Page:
Seafarers are the most important and qualified employees to work onboard. Providing them with Internet access and other digital applications, improves their quality of life, and helps attract the best talent whilst also optimising vessels and productivity. In consequence, management would have the ability to implement HR programs that increase retention rates for sustainable development and job satisfaction. The 2015 Crew Connectivity Survey, undertaken by Futurenautics Research, brought forth important figures to the inclusion of crew morale as a core business value. "At recruitment, 73% of respondents said that the level of crew communications services provided onboard did influence their decision about which shipping company they work for." In other words, most seafarers are telling us that no matter how great the company could be, connecting to the outside world is crucial.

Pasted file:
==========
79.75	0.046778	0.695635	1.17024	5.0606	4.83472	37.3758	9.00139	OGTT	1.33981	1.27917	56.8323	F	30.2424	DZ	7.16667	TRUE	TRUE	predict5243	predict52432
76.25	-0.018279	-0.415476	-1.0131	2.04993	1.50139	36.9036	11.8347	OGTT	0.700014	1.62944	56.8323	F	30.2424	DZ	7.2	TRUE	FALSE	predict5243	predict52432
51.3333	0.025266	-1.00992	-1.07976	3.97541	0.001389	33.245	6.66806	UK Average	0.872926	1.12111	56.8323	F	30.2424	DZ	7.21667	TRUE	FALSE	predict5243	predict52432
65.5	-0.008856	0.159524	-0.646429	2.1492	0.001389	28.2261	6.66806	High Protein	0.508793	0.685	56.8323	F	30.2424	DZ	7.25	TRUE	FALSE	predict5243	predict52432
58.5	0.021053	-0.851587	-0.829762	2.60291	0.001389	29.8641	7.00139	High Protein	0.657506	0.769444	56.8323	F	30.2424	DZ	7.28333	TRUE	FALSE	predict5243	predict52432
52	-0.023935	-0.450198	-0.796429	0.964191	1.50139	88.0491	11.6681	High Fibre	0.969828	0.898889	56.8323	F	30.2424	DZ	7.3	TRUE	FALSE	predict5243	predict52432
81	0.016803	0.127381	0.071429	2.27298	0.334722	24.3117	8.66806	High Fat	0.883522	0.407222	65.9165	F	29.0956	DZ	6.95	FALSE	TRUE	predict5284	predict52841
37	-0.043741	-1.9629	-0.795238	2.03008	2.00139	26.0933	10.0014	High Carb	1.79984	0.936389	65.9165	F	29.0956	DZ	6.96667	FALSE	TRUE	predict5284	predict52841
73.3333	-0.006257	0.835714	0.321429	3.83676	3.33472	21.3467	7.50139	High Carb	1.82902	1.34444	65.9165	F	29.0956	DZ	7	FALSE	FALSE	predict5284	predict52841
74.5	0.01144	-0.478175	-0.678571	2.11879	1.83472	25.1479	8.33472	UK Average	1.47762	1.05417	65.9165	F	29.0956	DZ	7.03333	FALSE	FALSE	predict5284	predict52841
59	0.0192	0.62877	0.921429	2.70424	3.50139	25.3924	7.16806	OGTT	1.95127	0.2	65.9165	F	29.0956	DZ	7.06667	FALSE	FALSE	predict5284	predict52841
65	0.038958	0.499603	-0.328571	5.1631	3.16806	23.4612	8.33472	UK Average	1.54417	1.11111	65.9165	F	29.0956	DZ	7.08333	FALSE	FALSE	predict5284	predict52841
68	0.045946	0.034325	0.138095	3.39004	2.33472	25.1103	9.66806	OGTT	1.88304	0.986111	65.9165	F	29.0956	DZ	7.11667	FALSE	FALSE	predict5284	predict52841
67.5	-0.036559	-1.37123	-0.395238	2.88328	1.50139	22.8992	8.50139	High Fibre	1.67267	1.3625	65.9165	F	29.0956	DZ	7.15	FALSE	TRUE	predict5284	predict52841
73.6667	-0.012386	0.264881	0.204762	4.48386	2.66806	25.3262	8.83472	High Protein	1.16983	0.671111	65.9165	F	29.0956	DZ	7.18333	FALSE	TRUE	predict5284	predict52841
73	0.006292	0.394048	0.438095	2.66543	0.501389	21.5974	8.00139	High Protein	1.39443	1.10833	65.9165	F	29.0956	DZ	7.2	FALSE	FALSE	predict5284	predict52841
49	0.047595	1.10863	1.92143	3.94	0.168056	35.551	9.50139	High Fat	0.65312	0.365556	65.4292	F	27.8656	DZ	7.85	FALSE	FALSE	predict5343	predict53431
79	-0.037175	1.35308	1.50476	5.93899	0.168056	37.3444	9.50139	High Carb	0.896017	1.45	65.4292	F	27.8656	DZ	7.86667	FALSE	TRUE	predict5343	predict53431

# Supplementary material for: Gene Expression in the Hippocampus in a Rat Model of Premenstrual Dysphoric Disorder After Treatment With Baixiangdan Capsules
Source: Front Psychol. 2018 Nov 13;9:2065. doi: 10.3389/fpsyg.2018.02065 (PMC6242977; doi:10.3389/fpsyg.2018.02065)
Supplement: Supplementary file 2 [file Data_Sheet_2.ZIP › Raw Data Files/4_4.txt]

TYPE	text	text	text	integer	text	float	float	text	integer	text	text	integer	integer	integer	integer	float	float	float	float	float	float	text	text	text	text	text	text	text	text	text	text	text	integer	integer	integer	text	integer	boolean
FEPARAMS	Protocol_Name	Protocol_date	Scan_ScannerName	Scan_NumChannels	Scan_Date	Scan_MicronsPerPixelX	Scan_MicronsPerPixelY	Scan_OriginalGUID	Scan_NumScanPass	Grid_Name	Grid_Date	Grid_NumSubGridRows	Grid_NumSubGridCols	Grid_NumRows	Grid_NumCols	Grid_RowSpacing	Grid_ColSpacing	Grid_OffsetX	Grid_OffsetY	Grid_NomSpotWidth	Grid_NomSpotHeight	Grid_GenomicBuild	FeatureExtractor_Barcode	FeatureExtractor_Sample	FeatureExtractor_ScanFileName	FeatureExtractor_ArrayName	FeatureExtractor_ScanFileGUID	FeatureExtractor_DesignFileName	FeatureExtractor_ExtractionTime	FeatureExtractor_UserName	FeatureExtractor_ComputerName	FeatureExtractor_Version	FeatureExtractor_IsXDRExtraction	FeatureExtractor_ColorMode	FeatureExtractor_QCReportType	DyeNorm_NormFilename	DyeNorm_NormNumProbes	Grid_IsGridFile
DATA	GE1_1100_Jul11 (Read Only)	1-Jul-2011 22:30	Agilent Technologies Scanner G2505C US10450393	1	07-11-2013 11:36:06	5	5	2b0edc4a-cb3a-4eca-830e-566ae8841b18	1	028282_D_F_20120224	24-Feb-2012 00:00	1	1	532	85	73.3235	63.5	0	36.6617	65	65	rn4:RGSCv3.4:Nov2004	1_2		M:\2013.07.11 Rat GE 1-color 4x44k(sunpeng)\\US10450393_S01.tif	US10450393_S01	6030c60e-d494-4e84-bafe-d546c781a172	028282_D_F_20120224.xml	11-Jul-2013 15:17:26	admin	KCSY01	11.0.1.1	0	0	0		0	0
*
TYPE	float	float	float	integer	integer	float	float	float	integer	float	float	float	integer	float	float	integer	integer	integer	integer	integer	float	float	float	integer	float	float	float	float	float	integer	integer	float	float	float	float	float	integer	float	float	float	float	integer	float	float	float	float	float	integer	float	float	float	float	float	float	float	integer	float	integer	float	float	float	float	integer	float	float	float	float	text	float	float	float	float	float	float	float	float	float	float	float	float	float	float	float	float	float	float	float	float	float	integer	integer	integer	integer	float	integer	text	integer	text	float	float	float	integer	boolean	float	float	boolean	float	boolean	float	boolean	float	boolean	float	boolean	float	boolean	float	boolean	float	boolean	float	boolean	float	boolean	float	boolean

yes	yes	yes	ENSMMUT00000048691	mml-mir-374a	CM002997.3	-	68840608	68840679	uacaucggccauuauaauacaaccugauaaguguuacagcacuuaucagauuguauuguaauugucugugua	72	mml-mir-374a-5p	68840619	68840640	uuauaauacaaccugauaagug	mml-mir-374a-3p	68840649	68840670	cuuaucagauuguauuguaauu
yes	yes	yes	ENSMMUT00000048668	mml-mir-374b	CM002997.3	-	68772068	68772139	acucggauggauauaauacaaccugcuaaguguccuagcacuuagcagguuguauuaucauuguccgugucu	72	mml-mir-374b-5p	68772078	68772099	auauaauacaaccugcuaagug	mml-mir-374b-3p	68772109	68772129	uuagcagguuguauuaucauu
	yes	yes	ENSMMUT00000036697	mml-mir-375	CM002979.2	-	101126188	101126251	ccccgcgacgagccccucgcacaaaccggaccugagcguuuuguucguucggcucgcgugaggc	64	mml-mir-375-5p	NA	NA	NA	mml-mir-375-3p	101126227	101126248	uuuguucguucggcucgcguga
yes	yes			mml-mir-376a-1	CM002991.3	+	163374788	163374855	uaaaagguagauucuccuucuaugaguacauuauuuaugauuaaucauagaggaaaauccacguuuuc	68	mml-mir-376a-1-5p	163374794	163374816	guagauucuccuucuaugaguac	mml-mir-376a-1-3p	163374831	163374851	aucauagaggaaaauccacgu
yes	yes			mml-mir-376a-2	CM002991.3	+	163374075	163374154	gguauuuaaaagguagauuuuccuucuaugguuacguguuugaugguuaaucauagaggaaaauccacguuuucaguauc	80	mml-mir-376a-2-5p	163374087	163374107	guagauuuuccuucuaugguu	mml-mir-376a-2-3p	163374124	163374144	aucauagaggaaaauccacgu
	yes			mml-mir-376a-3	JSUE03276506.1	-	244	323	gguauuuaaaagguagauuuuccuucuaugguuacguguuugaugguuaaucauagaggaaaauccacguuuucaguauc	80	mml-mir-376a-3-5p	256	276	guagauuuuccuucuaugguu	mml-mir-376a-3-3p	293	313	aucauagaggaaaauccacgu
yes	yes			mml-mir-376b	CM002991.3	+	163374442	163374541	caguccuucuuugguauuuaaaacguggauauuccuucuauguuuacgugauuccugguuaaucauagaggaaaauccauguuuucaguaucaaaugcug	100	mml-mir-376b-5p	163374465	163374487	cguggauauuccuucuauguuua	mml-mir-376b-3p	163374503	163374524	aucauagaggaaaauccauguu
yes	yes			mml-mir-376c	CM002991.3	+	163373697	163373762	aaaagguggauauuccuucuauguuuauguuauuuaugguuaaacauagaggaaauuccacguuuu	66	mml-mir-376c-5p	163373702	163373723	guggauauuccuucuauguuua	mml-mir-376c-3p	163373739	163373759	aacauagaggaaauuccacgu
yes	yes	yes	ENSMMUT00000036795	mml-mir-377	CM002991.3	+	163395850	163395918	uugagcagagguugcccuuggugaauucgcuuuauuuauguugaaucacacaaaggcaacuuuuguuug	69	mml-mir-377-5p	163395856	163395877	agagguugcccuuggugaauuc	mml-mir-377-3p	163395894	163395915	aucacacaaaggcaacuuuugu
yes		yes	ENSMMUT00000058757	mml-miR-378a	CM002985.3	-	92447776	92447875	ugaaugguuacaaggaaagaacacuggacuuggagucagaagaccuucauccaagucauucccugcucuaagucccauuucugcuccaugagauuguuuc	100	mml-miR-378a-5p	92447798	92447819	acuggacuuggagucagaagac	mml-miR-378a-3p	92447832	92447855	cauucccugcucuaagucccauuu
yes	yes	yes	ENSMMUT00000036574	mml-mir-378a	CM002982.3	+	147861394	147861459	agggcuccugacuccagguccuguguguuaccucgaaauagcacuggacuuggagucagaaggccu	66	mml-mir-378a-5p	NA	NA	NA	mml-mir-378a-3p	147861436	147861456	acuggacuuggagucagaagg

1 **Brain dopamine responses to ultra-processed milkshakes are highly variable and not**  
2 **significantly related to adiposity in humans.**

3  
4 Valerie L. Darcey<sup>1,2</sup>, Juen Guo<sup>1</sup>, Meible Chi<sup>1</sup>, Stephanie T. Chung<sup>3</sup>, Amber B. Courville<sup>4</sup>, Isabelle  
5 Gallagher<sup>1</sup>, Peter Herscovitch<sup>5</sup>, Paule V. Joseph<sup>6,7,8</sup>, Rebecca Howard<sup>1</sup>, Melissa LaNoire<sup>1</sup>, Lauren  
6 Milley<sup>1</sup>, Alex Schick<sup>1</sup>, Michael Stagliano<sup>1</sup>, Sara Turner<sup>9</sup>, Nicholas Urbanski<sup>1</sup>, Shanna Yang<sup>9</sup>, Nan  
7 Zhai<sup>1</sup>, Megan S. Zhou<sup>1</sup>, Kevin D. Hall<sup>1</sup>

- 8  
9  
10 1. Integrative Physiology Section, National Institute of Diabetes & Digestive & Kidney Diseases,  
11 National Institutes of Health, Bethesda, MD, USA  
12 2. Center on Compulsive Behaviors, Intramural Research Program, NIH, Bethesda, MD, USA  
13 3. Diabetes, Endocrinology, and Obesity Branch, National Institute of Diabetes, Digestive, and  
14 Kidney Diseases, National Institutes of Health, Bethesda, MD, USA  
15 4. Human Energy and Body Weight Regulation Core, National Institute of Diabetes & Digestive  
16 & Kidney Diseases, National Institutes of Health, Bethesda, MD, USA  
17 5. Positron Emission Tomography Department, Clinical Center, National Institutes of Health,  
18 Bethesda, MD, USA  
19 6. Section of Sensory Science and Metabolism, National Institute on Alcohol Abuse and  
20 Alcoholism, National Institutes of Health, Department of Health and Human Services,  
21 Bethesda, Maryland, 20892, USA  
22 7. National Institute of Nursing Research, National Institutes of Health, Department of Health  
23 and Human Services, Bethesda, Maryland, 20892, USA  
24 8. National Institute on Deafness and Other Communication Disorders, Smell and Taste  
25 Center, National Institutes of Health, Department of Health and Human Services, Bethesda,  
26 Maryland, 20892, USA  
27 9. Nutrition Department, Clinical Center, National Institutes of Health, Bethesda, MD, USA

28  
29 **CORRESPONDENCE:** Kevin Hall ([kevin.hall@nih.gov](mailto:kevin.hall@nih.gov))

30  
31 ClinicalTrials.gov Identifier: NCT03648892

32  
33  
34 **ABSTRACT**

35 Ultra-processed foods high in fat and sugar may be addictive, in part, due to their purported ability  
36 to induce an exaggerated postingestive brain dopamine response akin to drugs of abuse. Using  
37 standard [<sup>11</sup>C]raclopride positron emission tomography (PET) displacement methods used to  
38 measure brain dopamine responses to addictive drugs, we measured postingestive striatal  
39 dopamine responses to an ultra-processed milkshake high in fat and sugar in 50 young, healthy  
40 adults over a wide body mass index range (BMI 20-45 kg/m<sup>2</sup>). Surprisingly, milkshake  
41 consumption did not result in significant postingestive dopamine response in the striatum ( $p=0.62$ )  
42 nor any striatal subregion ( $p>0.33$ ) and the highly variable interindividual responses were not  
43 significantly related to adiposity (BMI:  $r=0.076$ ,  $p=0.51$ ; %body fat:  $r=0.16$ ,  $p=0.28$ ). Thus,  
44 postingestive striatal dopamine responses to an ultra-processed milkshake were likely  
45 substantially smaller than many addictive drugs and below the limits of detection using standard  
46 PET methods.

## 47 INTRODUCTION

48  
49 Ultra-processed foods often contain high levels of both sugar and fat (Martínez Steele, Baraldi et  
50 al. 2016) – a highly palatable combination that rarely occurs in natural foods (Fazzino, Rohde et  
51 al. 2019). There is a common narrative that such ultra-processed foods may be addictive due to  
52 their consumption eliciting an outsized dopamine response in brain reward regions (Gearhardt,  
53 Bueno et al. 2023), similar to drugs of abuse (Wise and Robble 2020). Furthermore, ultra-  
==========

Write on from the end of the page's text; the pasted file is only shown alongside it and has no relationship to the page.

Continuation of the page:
Social Isolation

Seafaring is an inherently isolated occupation. There is a huge risk that crew who spend months away from home could develop feelings of boredom, marginality, exclusion, anger, despair, sadness, frustration, and especially loneliness. Maritime companies, particularly in the shipping sector, are responsible for mitigating the loneliness of being away from home and reducing other psychological side effects, so potential seafarers could find their careers more bearable and attractive. A recent investigation made by Nautilus International has found that despite some companies believing that social interaction is affected by the provision of enhanced communications onboard vessels, seafarers rated not “speaking the common language” as having the highest impact on social interaction at work. This finding breaks the scepticism that connectivity does not foster community, togetherness, and teamwork values whilst at work.